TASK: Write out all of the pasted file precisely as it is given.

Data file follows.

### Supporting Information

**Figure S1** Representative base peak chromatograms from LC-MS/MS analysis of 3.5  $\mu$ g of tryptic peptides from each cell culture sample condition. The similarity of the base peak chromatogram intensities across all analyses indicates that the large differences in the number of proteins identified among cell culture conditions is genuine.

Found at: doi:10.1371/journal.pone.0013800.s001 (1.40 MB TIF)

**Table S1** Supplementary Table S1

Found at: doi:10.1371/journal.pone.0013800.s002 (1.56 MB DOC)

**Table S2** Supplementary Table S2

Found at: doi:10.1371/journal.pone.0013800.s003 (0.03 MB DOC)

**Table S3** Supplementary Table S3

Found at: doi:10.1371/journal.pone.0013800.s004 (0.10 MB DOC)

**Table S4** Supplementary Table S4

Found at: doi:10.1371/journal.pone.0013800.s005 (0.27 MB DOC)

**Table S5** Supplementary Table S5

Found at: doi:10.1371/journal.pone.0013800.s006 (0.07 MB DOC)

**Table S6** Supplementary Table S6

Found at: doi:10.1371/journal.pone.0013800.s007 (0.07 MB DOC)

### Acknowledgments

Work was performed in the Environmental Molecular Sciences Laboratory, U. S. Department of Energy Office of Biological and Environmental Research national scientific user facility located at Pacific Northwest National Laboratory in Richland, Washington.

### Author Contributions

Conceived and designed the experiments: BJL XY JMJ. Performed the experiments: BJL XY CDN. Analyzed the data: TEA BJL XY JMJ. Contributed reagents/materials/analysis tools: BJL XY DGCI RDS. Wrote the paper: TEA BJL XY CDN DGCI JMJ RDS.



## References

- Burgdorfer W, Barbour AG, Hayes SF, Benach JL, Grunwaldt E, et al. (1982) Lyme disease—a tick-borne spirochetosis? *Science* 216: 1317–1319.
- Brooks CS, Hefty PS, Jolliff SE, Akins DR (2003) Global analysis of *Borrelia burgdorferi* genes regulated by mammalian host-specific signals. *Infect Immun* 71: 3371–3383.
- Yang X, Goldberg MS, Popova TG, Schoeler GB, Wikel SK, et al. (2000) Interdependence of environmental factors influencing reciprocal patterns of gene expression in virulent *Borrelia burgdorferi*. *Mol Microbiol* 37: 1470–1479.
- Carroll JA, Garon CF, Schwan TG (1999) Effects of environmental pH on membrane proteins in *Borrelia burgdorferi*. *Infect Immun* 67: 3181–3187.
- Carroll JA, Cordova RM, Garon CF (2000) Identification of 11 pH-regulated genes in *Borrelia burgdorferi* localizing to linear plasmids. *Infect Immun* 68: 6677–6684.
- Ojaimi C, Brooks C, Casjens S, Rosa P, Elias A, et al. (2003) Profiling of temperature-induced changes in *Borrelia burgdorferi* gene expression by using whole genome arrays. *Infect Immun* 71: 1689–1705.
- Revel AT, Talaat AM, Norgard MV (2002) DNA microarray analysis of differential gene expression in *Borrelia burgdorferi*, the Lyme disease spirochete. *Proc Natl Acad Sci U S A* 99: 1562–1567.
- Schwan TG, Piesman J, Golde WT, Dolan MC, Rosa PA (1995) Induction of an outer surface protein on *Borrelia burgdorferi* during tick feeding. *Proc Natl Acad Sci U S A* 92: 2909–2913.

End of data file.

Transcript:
### Supporting Information

**Figure S1** Representative base peak chromatograms from LC-MS/MS analysis of 3.5  $\mu$ g of tryptic peptides from each cell culture sample condition. The similarity of the base peak chromatogram intensities across all analyses indicates that the large differences in the number of proteins identified among cell culture conditions is genuine.

Found at: doi:10.1371/journal.pone.0013800.s001 (1.40 MB TIF)

**Table S1** Supplementary Table S1

Found at: doi:10.1371/journal.pone.0013800.s002 (1.56 MB DOC)

**Table S2** Supplementary Table S2

Found at: doi:10.1371/journal.pone.0013800.s003 (0.03 MB DOC)

**Table S3** Supplementary Table S3

Found at: doi:10.1371/journal.pone.0013800.s004 (0.10 MB DOC)

**Table S4** Supplementary Table S4

Found at: doi:10.1371/journal.pone.0013800.s005 (0.27 MB DOC)

**Table S5** Supplementary Table S5

Found at: doi:10.1371/journal.pone.0013800.s006 (0.07 MB DOC)

**Table S6** Supplementary Table S6

Found at: doi:10.1371/journal.pone.0013800.s007 (0.07 MB DOC)

### Acknowledgments

Work was performed in the Environmental Molecular Sciences Laboratory, U. S. Department of Energy Office of Biological and Environmental Research national scientific user facility located at Pacific Northwest National Laboratory in Richland, Washington.

### Author Contributions

Conceived and designed the experiments: BJL XY JMJ. Performed the experiments: BJL XY CDN. Analyzed the data: TEA BJL XY JMJ. Contributed reagents/materials/analysis tools: BJL XY DGCI RDS. Wrote the paper: TEA BJL XY CDN DGCI JMJ RDS.



## References

- Burgdorfer W, Barbour AG, Hayes SF, Benach JL, Grunwaldt E, et al. (1982) Lyme disease—a tick-borne spirochetosis? *Science* 216: 1317–1319.
- Brooks CS, Hefty PS, Jolliff SE, Akins DR (2003) Global analysis of *Borrelia burgdorferi* genes regulated by mammalian host-specific signals. *Infect Immun* 71: 3371–3383.
- Yang X, Goldberg MS, Popova TG, Schoeler GB, Wikel SK, et al. (2000) Interdependence of environmental factors influencing reciprocal patterns of gene expression in virulent *Borrelia burgdorferi*. *Mol Microbiol* 37: 1470–1479.
- Carroll JA, Garon CF, Schwan TG (1999) Effects of environmental pH on membrane proteins in *Borrelia burgdorferi*. *Infect Immun* 67: 3181–3187.
- Carroll JA, Cordova RM, Garon CF (2000) Identification of 11 pH-regulated genes in *Borrelia burgdorferi* localizing to linear plasmids. *Infect Immun* 68: 6677–6684.
- Ojaimi C, Brooks C, Casjens S, Rosa P, Elias A, et al. (2003) Profiling of temperature-induced changes in *Borrelia burgdorferi* gene expression by using whole genome arrays. *Infect Immun* 71: 1689–1705.
- Revel AT, Talaat AM, Norgard MV (2002) DNA microarray analysis of differential gene expression in *Borrelia burgdorferi*, the Lyme disease spirochete. *Proc Natl Acad Sci U S A* 99: 1562–1567.
- Schwan TG, Piesman J, Golde WT, Dolan MC, Rosa PA (1995) Induction of an outer surface protein on *Borrelia burgdorferi* during tick feeding. *Proc Natl Acad Sci U S A* 92: 2909–2913.